One out of every 500 Americans has died as a result of the COVID-19 pandemic, Dr. Donald M. Lloyd-Jones said Friday, Oct. 1. Whether an individual knows someone who has died from or been diagnosed with COVID-19, or they have experienced the disease, the pandemic is something that health experts say cannot be ignored.

Lloyd-Jones is volunteer president of the American Heart Association (AHA). His knowledge of cardiovascular disease prevention and epidemiology is being used as part of AHA’s campaign to educate vulnerable, unvaccinated populations.

“We want people to get back and reconnect with their doctors,” Lloyd-Jones said. “We know how to keep people safe and to care for them. We also want them to get the information and management strategies they can for risk factors (affecting COVID-19’s severity and recovery) like high blood pressure, diabetes and high cholesterol.”

People who visit their doctors are also encouraged to ask about available COVID-19 vaccines.

“Doctors are making the effort to inform their patients. If you have a trusted doctor, please reconnect with them,” Lloyd-Jones said.

Richland County, North Dakota, confirmed zero new and 49 active COVID-19 cases Monday, Oct. 4. The county reported four new recoveries from the disease and has 19 COVID-19 or related deaths to date, according to the North Dakota Department of Health (NDDoH).

North Dakota itself confirmed 279 new and 3,912 active COVID-19 cases Monday. The state reported 386 new recoveries from the disease and has had 1,621 COVID-19 or related deaths to date, according to NDDoH data.

As of Monday, North Dakota had 157 hospitalizations due to COVID-19, including 24 patients in the ICU. The majority of the 157 patients, 44 total, were between ages 60-69. Nearly 990 of the state’s 1,621 COVID-19 or related deaths have been among ages 80 and older, NDDoH reported.

More than 51 percent of North Dakota’s eligible population, ages 12 and older, have completed their primary series of COVID-19 vaccinations as of Sunday, Oct. 3, according to NDDoH data. Nearly 56 percent of eligible state residents have gotten at least one dose of vaccine.

In Richland County, nearly 59 percent of the eligible population have completed their primary series of COVID-19 vaccinations as of Sunday. Nearly 62 percent of eligible county residents have gotten at least one dose of vaccine.

As of Monday, according to NDDoH, Richland County ranked No. 13 among North Dakota’s 53 counties in terms of completed vaccine primary series. The top 14 are:

• Dickey County, 69.7 percent of the population

• Cavalier County, 66.4 percent

• Nelson County, 65.3 percent

• Rolette County, 62.5 percent

• Cass, Sargent and Steele counties, 60 percent each

• Ransom County, 59.2 percent

• Barnes County, 59.1 percent

• Traill and Walsh counties, 58.7 percent each

• Foster County, 58.6 percent

• Richland County, 58.5 percent

• Benson County, 58.1 percent

Herd immunity, Daily News previously reported, occurs when at least 70 percent of a population is protected. When this happens, according to the Mayo Clinic, the full community is considered protected.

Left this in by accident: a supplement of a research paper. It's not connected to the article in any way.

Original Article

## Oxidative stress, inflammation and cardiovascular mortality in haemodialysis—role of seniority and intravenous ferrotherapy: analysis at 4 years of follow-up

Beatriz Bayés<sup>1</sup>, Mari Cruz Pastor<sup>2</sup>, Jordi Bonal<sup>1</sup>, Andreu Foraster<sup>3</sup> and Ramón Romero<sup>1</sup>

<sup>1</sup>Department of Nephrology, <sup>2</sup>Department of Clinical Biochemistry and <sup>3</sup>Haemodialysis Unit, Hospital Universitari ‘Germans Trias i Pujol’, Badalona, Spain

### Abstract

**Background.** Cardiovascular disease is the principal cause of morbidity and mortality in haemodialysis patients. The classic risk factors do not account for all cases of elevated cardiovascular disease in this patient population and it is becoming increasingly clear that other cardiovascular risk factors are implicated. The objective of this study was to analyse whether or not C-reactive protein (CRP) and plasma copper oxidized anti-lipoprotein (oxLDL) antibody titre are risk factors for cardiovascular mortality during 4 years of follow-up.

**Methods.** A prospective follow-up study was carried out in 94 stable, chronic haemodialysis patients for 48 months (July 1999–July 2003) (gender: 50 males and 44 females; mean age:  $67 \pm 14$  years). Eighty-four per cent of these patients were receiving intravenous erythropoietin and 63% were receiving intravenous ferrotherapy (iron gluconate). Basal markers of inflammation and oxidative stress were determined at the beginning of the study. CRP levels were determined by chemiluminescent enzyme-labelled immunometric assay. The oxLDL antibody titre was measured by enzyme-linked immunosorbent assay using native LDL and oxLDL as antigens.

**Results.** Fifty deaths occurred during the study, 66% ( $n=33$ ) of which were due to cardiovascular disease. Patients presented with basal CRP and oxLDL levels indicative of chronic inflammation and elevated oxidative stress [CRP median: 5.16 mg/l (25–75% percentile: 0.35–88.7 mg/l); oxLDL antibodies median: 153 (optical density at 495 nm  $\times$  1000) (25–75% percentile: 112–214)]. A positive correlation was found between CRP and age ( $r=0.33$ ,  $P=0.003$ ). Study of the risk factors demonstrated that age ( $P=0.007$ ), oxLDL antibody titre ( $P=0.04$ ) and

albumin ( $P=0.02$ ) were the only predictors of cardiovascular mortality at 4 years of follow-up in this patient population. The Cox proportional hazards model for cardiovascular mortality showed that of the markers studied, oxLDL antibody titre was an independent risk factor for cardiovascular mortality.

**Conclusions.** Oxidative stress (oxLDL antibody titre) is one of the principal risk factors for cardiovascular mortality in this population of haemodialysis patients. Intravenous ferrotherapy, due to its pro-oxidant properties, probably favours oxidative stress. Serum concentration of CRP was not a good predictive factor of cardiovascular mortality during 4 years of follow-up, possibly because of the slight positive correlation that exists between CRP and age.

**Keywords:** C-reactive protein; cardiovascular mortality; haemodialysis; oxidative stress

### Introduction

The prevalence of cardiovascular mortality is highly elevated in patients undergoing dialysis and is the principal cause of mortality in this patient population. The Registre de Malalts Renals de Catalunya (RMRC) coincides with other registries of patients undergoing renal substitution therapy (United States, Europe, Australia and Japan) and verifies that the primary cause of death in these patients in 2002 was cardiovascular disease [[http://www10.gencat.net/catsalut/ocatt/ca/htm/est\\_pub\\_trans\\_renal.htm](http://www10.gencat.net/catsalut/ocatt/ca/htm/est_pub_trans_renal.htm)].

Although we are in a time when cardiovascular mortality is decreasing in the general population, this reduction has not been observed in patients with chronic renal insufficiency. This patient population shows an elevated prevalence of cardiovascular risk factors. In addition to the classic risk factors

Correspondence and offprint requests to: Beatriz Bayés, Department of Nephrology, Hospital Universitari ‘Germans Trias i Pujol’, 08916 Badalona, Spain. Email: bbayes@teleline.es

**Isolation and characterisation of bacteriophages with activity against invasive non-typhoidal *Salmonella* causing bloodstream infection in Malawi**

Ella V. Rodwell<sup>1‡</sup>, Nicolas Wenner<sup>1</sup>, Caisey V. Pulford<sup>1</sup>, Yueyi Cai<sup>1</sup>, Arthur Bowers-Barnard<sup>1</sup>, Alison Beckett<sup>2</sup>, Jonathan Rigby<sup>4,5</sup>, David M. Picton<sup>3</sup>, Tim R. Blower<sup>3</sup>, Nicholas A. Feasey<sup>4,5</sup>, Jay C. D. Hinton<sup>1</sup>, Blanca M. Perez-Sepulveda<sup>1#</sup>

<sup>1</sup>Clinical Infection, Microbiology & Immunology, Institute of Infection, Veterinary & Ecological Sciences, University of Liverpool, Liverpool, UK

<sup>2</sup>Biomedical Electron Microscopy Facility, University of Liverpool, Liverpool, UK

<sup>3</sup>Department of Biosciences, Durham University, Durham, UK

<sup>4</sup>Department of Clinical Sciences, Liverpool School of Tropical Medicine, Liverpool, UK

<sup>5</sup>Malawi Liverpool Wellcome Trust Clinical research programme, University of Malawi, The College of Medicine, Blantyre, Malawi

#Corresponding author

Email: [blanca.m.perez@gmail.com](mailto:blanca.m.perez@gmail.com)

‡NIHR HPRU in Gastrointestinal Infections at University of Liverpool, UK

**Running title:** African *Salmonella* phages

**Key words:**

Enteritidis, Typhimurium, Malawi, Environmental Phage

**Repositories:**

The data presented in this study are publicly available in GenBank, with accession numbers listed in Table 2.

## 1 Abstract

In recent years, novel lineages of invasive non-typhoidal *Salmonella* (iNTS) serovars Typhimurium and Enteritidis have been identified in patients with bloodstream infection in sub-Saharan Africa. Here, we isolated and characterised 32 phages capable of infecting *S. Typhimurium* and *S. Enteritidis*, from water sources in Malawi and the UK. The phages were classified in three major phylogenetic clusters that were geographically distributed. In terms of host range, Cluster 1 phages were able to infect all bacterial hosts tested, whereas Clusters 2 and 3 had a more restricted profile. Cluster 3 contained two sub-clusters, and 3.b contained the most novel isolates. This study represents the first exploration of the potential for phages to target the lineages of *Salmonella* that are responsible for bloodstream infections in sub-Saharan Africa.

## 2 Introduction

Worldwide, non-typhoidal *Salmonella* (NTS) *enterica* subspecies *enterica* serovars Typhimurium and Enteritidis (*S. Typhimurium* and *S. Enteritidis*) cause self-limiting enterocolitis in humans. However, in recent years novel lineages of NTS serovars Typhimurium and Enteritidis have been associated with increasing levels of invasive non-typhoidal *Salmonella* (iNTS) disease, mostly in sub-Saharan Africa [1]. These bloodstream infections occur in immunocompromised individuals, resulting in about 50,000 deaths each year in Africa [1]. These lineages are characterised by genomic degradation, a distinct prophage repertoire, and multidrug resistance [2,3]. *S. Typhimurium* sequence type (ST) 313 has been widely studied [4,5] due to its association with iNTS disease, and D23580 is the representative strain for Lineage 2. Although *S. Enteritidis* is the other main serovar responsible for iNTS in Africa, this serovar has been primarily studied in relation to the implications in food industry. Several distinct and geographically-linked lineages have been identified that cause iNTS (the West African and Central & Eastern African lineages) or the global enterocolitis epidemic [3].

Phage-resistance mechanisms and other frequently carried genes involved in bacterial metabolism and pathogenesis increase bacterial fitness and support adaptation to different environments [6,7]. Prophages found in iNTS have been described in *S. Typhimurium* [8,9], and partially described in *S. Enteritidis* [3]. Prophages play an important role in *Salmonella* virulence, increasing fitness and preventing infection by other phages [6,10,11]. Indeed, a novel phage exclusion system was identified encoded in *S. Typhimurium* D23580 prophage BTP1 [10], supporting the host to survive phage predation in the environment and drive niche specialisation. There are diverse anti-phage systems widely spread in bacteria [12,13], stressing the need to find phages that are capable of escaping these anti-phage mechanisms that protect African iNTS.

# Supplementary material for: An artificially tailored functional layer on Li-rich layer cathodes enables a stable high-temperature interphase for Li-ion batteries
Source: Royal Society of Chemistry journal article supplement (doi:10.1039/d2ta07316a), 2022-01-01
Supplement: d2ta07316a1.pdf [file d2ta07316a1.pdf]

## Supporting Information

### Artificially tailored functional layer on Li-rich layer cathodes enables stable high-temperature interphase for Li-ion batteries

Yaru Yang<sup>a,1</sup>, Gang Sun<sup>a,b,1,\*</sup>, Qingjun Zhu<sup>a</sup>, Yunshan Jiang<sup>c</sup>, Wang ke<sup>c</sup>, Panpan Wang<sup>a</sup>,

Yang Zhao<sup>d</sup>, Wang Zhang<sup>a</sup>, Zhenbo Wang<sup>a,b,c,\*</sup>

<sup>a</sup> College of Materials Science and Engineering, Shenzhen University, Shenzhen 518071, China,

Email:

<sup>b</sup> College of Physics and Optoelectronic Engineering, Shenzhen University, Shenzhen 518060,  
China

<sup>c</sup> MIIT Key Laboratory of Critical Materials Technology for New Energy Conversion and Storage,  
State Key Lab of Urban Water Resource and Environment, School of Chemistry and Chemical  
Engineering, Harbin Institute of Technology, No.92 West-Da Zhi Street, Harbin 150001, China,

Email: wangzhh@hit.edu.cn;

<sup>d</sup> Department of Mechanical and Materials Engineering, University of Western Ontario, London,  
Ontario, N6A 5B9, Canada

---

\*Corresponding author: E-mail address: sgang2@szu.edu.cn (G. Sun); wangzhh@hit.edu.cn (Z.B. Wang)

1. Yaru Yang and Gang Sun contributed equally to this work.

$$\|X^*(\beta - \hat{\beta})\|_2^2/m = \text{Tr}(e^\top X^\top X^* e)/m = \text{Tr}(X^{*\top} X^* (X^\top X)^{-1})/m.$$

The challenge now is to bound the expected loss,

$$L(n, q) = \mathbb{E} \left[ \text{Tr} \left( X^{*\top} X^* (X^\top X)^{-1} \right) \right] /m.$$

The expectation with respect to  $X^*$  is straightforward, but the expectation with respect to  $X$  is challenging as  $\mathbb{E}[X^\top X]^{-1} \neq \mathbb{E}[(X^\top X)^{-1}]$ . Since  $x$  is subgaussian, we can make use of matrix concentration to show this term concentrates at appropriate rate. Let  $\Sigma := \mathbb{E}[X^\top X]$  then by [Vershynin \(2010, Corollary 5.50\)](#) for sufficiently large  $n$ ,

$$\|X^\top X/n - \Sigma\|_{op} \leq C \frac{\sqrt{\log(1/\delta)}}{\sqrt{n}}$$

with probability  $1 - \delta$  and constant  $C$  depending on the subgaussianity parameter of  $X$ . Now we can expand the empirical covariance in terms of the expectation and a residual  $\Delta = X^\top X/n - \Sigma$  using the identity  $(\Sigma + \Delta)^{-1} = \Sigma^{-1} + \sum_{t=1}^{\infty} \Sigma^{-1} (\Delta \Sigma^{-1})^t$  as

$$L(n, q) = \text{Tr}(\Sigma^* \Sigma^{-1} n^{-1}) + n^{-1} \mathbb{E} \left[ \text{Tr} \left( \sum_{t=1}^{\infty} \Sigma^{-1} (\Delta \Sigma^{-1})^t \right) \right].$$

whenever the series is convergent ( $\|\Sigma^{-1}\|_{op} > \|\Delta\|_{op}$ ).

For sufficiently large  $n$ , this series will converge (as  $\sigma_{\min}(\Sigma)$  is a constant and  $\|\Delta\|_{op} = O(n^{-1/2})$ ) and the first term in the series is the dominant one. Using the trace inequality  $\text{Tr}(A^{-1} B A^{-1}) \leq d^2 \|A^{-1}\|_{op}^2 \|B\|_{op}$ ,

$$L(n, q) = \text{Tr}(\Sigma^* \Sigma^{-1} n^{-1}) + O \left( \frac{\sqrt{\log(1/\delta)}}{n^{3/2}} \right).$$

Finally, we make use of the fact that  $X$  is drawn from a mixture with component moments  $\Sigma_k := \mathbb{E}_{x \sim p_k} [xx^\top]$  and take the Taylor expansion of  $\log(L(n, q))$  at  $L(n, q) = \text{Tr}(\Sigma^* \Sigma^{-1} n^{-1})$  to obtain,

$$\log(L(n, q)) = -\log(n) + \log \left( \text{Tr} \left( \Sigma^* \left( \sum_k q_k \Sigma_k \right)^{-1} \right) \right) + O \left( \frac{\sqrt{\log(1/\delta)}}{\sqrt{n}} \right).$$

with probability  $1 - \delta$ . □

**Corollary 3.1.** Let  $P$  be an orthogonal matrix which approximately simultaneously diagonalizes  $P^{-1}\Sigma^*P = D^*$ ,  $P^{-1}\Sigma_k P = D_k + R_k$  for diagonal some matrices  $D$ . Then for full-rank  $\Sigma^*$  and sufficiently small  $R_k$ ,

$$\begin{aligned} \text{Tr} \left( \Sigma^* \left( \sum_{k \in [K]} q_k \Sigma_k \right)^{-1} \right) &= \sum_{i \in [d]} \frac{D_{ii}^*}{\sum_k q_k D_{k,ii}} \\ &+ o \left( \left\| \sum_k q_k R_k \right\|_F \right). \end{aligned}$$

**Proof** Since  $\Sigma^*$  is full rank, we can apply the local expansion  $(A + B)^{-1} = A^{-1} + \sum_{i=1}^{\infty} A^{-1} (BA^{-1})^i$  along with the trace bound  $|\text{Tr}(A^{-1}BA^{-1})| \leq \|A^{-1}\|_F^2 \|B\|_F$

Richland County Public Health Director Kayla Carlson can be reached at 701-642-7735 to arrange vaccination appointments or to answer vaccine questions.

“We can say that it’s crystal clear,” Lloyd-Jones said. “In states with high levels of COVID-19 vaccination, there are less levels of severe cases and the COVID-19 positivity rate is much lower than elsewhere. Those communities with low rates are really suffering.”

Approximately 64 percent of Americans have received their first dose of COVID-19 vaccine, AHA stated. More than half of the population is fully vaccinated.

“Data from the U.S. Centers from Disease Control and Prevention (CDC) show that two groups with low rates of vaccination include young Black adults, many of whom may already be at-risk for developing a heart attack or stroke; and pregnant women who may have concerns about how the vaccine may affect their unborn child,” the association stated. “Because these groups of people are already vulnerable to health risks, protecting them from the virus and its complications is even more important — and research shows the vaccine is safe for them.”

COVID-19 has been shown to cause the most damage in a patient’s lungs, Lloyd-Jones said. In severe cases, the virus travels through the bloodstream and can affect other organs including the kidneys, liver, brain and heart.

“What is becoming clear is that we’re not nearly as healthy as we should be. Obesity, high blood pressure, diabetes and preexisting heart disease — they’ve all left us vulnerable to this virus,” Lloyd-Jones said.

The AHA, one of the largest public health organizations, continues its outreach work in communities traditionally underserved in terms of healthcare. This includes rural and non-white populations.

“We’re working to improve this,” Lloyd-Jones said. “We’re in the schools, in the communities. As a public health organization, this is our crisis right now. We want to help people reconnect with their doctors and get vaccinated.”

Through his work, Lloyd-Jones has visited nearly every U.S. state. He has yet to see North Dakota, but is aware of the Southern Red River Valley’s flood seasons.

“The pandemic is a similar catastrophe. With the floods, we take as many preventative measures as we can. With the pandemic, that is the vaccine. This is a moment when we need to be protecting each other. We won’t get out of this crisis alone. We need to protect each other and our families. And the most effective way of doing that is by getting a vaccine.”

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